Objective: To assess the association between self-perceived exercise exertion before bedtime and objectively measured sleep.
Methods: Fifty-two regularly exercising young adults (mean age, 19.70 years; 54% females) underwent sleep electroencephalographic recordings 1.5 h after completing moderate to vigorous exercise in the evening. Before sleeping, participants answered questions regarding degree of exertion of the exercise undertaken.
Results: Greater self-perceived exertion before bedtime was associated with higher objectively assessed sleep efficiency (r = 0.69, P <0.001); self-perceived exertion explained 48% of the variance in sleep efficiency (R2 = 0.48). Moreover, high self-perceived exercise exertion was associated with more deep sleep, shortened sleep onset time, fewer awakenings after sleep onset, and shorter wake duration after sleep onset. Multiple linear regression analysis showed that objective sleep efficiency was predicted by increased exercise exertion, shortened sleep onset time, increased deep sleep, and decreased light sleep.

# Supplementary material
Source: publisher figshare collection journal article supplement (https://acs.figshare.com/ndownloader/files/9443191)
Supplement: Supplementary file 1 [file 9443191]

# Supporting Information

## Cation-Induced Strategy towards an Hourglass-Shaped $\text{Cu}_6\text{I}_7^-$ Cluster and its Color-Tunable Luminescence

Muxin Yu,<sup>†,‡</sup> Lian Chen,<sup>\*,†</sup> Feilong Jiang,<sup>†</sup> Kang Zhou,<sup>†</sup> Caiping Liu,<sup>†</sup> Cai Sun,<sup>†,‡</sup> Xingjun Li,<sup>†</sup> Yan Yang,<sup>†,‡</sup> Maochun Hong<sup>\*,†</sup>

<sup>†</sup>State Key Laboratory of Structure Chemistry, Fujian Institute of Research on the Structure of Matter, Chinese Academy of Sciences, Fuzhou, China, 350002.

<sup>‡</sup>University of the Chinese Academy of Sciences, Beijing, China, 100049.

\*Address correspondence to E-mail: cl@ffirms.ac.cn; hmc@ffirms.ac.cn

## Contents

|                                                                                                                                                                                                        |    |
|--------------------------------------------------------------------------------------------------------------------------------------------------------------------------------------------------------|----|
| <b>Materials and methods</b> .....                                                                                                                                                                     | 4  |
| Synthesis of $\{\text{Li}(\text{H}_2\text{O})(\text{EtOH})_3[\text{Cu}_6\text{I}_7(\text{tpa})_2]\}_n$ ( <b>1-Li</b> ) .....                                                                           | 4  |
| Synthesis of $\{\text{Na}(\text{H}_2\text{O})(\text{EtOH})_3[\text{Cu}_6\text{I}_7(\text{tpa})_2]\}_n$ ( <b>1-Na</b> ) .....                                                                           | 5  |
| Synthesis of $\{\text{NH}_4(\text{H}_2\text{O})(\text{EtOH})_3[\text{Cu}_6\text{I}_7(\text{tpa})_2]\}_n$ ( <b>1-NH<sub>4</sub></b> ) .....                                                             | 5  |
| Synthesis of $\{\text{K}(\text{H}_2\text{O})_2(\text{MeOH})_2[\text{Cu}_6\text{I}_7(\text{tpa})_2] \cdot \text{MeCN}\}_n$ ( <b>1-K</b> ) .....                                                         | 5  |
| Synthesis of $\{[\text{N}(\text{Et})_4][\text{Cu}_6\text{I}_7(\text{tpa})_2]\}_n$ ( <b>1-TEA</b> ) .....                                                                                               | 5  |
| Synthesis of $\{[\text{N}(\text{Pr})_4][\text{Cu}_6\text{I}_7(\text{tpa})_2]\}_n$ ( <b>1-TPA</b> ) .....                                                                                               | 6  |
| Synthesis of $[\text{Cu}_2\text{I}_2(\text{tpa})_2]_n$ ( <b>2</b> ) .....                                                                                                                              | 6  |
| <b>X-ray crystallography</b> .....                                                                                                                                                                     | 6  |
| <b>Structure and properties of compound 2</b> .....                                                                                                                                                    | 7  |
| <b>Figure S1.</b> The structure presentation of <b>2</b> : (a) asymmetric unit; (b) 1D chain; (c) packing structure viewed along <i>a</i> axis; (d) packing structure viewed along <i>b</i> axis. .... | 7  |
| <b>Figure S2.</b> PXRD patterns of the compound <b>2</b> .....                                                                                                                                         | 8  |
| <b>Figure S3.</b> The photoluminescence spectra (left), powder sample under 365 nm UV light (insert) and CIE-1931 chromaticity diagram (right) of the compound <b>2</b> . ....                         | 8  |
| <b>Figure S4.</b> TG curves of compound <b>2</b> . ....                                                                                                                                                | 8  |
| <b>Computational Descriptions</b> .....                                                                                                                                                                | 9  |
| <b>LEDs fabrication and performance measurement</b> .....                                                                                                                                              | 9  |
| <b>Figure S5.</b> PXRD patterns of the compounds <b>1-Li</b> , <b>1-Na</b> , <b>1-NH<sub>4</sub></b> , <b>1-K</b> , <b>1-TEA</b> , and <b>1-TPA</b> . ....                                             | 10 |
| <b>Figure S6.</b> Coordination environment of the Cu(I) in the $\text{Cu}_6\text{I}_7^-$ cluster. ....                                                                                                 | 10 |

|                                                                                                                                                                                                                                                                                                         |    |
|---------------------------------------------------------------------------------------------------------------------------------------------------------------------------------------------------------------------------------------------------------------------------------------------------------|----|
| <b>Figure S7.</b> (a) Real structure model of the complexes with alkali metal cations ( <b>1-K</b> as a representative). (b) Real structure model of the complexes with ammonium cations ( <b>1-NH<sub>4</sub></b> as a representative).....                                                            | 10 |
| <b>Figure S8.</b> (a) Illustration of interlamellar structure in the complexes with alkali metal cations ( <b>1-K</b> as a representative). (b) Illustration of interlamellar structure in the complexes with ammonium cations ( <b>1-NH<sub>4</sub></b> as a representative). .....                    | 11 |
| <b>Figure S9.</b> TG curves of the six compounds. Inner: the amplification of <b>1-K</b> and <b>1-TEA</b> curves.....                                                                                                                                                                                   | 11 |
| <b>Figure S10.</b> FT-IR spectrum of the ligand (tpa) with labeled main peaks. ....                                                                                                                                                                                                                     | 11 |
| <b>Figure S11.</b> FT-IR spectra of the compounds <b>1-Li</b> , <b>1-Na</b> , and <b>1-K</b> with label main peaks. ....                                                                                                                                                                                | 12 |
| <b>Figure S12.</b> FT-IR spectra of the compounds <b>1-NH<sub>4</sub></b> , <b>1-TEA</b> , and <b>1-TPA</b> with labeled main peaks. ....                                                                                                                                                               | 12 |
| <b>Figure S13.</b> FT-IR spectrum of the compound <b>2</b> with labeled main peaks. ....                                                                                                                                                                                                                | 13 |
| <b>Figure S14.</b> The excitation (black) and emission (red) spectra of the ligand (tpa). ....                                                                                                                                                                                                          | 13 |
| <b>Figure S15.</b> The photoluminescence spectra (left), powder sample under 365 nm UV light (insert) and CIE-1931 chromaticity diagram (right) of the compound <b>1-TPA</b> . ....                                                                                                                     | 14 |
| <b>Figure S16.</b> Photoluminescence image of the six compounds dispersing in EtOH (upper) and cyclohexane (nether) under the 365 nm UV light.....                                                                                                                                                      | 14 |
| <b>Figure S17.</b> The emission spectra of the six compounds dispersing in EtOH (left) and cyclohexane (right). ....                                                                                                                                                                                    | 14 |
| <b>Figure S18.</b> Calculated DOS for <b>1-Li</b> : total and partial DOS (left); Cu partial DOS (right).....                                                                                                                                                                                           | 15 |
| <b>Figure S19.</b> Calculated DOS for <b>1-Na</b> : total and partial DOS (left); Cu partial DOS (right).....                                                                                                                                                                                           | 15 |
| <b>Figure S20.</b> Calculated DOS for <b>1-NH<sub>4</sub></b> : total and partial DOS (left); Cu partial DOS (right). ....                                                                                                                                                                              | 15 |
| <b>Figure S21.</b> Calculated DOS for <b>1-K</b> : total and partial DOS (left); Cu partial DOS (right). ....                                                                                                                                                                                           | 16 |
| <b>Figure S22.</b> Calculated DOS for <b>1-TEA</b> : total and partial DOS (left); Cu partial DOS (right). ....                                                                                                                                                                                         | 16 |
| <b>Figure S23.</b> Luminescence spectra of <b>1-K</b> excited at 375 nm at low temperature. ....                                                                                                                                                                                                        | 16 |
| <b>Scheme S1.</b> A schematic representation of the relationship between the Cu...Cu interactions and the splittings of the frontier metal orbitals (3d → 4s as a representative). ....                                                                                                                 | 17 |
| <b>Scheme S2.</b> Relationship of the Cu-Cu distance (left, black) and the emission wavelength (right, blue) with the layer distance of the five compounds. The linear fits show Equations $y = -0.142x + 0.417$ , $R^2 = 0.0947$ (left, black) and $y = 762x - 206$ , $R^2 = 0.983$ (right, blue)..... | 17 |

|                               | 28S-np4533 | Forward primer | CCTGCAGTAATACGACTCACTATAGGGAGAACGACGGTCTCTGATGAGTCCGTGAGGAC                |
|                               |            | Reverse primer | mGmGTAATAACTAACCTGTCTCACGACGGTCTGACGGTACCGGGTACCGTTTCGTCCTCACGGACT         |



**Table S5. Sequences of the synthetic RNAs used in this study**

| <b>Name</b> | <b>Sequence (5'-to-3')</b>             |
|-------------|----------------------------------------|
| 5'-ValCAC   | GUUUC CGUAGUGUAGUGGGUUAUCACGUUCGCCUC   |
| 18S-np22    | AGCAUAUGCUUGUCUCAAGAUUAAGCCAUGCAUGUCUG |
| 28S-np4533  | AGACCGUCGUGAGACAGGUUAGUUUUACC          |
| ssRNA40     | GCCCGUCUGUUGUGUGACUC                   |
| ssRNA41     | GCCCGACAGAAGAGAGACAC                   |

Conclusion: Against expectations and general recommendations for sleep hygiene, high self-perceived exercise exertion before bedtime was associated with better sleep patterns in a sample of healthy young adults. Further studies should also focus on elderly adults and adults suffering from insomnia.
Keywords: Exercise; Perceived exercise exertion; Recommendations for sleep hygiene; Sleep efficiency; Sleep-EEG; Young adults.
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